Looking ahead, on the domestic front, the 2018 GDP target of "around 6.5%" remains on track. This means the PBOC's main objective of preventing financial sector risks remains intact. But the repercussions of a hawkish Fed is perhaps not being fully appreciated by China. Recent sell-offs of some emerging market currencies (notably Argentine peso and Turkish lira) are a case in point. Despite a flexible exchange rate and relatively sensible macro policies in Argentina, the sudden flip in investor sentiment, which was trigged by stronger-than-expected US economic data, has caused interest rates to surge. The reality is that the Fed's tightening is more motivated by a need to normalize interest rates in the wake of the global financial crisis of 2007 to 2008, rather than cooling off a potentially overheated US economy. Therefore, another three hikes of the Fed Fund Rates in 2018 are almost a done deal. The policy dilemma faced by China is whether to hold a steady RMB or to follow the Fed's rate hikes. We would like to reiterate our long-held policy recommendations – to significantly improve market access so as to mitigate trade tensions (including but not limited to the ones with the US), and to have a more flexible RMB exchange rate to buffer higher US interest rates.
The journey to a more comprehensive and effective regulatory framework in China
After the conclusion of the Two Sessions, China has taken long awaited and much needed steps to coordinate policy-making and administration in the financial sector. To do this it has merged two long-existing regulatory commissions entrusted with overseeing banking and insurance into a single new administration called the China Banking and Insurance Regulatory Commission (CBIRC). Alongside this it has retained The China Securities Regulatory Commission (CSRC) albeit with amended powers. Under the leadership and direction of the Financial Stability and Development Committee (FSDC), which will operate in the important capacity of interagency financial coordinator, China has basically established a new regulatory framework consisting of "One Committee (FSDC), one Bank (People's Bank of China - PBOC) plus Two Commissions (CBIRC and CSRC)".
China's super "Central bank" will play a bigger role (as the most senior policymaker)
The PBOC has been vested with more power to lead future financial regulation at a macro level and will be responsible for drafting many of the critical policies and rules (which were formerly the responsibility of banking and insurance regulatory commissions), to foster an overall environment of "prudent macro-economic regulation".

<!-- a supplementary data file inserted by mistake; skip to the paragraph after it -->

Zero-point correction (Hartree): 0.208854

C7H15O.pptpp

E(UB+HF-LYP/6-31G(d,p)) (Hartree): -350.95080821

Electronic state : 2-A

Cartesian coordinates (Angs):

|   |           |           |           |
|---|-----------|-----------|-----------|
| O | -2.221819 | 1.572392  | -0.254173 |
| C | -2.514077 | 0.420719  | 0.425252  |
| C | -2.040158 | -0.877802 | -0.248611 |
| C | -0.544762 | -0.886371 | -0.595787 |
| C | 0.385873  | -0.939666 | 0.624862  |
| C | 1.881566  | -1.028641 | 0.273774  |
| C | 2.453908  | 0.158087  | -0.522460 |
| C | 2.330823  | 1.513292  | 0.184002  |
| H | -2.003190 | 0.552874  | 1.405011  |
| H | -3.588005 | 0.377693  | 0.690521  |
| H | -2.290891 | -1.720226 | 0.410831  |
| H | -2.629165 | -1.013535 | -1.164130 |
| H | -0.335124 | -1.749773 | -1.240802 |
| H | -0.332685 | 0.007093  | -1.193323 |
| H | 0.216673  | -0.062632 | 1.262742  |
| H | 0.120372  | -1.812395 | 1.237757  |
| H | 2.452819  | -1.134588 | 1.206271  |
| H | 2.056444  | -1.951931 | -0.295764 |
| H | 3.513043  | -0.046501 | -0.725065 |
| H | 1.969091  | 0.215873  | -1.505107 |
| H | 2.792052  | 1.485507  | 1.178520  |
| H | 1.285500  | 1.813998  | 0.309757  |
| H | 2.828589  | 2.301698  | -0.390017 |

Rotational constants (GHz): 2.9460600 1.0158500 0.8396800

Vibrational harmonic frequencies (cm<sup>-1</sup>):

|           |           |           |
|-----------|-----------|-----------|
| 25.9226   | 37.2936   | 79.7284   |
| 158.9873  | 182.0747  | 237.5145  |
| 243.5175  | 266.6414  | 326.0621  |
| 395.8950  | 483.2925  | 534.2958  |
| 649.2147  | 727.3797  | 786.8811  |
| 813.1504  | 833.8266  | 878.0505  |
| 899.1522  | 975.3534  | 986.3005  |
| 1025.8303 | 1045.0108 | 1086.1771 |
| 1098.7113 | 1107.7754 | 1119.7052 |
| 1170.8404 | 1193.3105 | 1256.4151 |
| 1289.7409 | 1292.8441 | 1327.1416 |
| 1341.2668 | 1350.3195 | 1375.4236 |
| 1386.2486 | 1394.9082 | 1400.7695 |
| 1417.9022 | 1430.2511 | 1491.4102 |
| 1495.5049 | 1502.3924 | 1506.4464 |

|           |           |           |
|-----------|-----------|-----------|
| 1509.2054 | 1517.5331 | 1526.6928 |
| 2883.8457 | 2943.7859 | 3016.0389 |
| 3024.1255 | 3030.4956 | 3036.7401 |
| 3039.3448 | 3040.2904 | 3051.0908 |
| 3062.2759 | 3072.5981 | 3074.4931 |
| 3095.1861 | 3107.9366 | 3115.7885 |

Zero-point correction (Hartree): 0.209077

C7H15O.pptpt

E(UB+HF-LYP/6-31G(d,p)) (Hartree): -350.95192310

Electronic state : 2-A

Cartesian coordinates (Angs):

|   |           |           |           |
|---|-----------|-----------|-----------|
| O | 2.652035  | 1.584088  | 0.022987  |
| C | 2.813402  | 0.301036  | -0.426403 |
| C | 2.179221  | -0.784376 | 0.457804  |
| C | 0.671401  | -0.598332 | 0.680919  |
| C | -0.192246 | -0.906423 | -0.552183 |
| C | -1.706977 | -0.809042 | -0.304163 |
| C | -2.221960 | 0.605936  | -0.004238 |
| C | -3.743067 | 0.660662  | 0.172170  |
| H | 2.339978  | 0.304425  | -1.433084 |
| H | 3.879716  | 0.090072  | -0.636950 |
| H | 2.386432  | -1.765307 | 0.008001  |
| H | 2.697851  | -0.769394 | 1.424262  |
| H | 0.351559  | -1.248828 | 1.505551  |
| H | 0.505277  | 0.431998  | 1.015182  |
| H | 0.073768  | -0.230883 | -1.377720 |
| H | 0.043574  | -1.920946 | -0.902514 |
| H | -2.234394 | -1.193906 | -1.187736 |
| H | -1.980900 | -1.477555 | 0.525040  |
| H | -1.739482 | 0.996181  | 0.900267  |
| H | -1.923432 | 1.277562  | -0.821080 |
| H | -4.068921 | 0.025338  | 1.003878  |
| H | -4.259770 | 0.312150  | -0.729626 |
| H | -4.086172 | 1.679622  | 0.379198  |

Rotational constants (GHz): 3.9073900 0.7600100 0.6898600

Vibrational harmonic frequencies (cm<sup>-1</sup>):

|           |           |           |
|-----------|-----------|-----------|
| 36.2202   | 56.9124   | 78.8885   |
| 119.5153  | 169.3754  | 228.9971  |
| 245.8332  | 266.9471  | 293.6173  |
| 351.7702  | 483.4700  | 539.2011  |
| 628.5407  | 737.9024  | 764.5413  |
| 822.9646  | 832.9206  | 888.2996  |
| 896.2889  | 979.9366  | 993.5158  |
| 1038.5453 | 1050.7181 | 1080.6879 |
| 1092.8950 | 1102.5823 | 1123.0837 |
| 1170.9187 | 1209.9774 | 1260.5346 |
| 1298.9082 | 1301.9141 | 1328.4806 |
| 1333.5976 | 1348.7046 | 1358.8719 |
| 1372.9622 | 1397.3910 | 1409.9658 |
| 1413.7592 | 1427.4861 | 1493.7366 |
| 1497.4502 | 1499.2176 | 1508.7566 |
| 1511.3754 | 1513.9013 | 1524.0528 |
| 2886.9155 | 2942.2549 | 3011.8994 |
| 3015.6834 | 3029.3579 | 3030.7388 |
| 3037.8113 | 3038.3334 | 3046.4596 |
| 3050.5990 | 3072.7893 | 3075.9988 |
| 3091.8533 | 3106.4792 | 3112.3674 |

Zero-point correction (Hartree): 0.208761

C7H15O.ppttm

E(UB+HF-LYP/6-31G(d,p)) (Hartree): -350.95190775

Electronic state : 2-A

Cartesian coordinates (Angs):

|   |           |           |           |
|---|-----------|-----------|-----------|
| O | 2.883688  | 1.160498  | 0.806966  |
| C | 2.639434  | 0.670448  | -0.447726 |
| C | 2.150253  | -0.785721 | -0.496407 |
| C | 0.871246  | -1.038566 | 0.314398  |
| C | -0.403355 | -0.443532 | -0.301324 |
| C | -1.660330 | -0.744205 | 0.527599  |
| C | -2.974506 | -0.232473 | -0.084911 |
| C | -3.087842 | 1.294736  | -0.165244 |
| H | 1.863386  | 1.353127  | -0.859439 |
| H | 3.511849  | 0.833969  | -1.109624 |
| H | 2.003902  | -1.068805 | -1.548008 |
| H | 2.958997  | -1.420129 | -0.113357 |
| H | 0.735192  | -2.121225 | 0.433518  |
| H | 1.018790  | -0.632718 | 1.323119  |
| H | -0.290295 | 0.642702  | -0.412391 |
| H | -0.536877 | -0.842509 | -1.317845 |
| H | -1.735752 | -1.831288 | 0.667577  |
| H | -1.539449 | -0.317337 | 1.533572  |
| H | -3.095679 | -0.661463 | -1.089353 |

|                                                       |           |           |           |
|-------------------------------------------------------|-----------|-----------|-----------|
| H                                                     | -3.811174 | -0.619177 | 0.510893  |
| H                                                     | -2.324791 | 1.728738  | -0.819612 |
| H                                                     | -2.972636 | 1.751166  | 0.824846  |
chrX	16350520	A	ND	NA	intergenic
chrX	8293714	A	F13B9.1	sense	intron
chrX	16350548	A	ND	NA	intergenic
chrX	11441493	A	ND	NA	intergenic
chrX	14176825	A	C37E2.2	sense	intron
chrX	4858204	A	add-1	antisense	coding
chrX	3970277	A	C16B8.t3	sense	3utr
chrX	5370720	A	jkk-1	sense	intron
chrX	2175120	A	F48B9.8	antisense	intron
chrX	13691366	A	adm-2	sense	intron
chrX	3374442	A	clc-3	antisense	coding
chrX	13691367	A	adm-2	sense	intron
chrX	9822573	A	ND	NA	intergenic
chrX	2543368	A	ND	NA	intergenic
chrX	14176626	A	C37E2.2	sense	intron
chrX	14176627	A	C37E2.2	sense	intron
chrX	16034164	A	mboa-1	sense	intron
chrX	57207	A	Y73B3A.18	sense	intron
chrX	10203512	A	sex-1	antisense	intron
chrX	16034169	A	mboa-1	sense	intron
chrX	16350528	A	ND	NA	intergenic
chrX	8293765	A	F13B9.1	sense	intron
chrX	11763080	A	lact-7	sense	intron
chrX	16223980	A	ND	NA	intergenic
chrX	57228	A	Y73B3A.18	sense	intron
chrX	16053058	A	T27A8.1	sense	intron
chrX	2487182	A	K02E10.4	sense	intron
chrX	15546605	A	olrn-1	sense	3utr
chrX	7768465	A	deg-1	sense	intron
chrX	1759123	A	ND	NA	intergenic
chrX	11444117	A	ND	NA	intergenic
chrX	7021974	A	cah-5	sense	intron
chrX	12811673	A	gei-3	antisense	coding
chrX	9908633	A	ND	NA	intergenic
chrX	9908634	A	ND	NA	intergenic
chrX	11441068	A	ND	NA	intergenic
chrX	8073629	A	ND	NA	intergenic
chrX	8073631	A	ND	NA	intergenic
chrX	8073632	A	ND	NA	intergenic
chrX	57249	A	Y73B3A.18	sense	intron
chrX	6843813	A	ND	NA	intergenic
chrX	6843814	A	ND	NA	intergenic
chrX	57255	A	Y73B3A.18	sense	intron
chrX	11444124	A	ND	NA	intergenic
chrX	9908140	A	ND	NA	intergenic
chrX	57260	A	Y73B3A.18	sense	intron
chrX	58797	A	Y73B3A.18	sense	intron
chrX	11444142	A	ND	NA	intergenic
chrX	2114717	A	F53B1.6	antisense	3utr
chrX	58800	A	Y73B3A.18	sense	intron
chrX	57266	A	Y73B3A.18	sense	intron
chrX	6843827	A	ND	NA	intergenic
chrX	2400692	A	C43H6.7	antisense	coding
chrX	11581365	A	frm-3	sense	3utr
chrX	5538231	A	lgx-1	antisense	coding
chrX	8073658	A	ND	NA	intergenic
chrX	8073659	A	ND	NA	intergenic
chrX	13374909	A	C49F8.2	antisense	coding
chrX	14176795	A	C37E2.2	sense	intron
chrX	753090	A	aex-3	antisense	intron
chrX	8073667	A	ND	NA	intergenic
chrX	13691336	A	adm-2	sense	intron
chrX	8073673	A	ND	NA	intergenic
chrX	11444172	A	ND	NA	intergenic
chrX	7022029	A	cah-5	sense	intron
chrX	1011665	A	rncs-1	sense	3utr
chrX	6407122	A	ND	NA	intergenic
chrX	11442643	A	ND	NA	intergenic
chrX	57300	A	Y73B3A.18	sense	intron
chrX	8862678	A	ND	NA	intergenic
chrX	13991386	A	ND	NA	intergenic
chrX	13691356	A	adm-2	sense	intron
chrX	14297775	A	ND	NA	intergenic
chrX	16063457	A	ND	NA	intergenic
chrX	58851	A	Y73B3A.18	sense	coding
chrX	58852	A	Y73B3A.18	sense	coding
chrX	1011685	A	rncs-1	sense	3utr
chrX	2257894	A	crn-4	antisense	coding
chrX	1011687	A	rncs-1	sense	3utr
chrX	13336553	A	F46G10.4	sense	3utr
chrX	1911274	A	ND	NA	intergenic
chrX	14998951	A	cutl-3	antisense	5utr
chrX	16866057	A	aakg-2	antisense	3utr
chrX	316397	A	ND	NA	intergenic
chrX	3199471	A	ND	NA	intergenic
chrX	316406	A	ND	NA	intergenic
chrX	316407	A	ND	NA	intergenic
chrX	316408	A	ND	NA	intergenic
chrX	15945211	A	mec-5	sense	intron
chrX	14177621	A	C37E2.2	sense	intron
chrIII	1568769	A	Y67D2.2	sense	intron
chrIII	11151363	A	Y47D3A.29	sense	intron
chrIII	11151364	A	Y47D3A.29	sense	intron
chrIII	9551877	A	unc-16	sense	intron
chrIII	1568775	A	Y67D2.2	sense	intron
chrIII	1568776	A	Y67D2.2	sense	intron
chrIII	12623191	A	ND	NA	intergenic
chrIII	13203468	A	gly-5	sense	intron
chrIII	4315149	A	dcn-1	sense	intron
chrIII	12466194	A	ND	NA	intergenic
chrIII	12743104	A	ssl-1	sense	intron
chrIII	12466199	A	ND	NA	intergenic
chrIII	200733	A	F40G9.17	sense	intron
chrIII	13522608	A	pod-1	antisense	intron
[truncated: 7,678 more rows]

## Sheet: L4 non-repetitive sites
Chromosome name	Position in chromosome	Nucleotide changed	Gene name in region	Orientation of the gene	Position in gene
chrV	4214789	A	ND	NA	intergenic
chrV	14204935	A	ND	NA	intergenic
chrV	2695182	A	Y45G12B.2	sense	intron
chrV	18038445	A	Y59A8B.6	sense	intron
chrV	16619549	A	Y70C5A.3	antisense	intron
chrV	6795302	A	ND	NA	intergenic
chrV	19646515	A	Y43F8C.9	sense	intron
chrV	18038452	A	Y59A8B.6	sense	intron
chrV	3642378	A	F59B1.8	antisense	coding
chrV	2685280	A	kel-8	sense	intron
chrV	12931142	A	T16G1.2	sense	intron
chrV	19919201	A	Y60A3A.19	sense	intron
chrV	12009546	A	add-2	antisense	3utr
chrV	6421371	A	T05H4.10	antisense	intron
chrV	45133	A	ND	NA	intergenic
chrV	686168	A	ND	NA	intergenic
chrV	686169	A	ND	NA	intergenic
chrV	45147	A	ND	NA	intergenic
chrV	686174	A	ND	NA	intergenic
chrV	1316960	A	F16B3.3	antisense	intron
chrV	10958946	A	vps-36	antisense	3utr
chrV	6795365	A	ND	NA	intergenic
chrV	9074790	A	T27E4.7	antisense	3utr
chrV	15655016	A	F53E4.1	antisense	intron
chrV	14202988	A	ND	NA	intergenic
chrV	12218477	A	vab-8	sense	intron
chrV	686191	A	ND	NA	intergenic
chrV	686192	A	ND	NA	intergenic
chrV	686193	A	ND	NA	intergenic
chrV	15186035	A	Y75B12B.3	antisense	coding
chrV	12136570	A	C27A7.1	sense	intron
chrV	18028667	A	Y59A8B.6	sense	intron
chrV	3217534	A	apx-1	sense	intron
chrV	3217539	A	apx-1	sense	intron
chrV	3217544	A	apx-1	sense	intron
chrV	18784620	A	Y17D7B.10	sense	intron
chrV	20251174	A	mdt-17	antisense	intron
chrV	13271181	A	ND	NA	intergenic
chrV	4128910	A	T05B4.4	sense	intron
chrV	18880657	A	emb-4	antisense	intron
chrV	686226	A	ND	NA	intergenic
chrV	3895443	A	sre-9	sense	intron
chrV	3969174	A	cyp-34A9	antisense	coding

It remains to be seen how the PBOC plays its re-defined roles. It is expected to see a stronger and more direct connection between the supervision and operation of markets and market participants with the overall policy objectives currently being pursued by the central bodies of the Chinese government.
In our view, if the reforms have the desired effect, the PBOC is likely to further reduce the reserve requirement ratio (RRR), raise market rates (PBOC's lending rate & mortgage rates), issue new regulations and continue to increase regulatory pressure and oversight of shadow banking, internet finance and financial holding companies.
Two Commissions to provide effective and practical oversight as independent regulators
The two Commissions will be charged with focusing on policy execution and the supervision of market activity. The supervision of risk-bearing investment will become more market oriented, and will seek to foster a "mixed operation" environment, moving away from a compliance-based "individual institution" supervision approach. This is because the latter was more in line with the traditional "segregated operation" approach which was found badly wanting after the global financial crisis.
The merged CBIRC will be able to focus on the similarities between prudential and market supervision of banks and insurance companies and set appropriate standards for measuring financial strength. It will also be setting requirements such as capital adequacy and solvency ratios for both sectors in order to enhance protection for consumers as they make decisions on where and how to invest their wealth and savings. The merged CBIRC will also make it possible to focus on minimizing the gaps and overlaps that have contributed to the growth of the so called "shadow banking” and “wealth management products” sectors.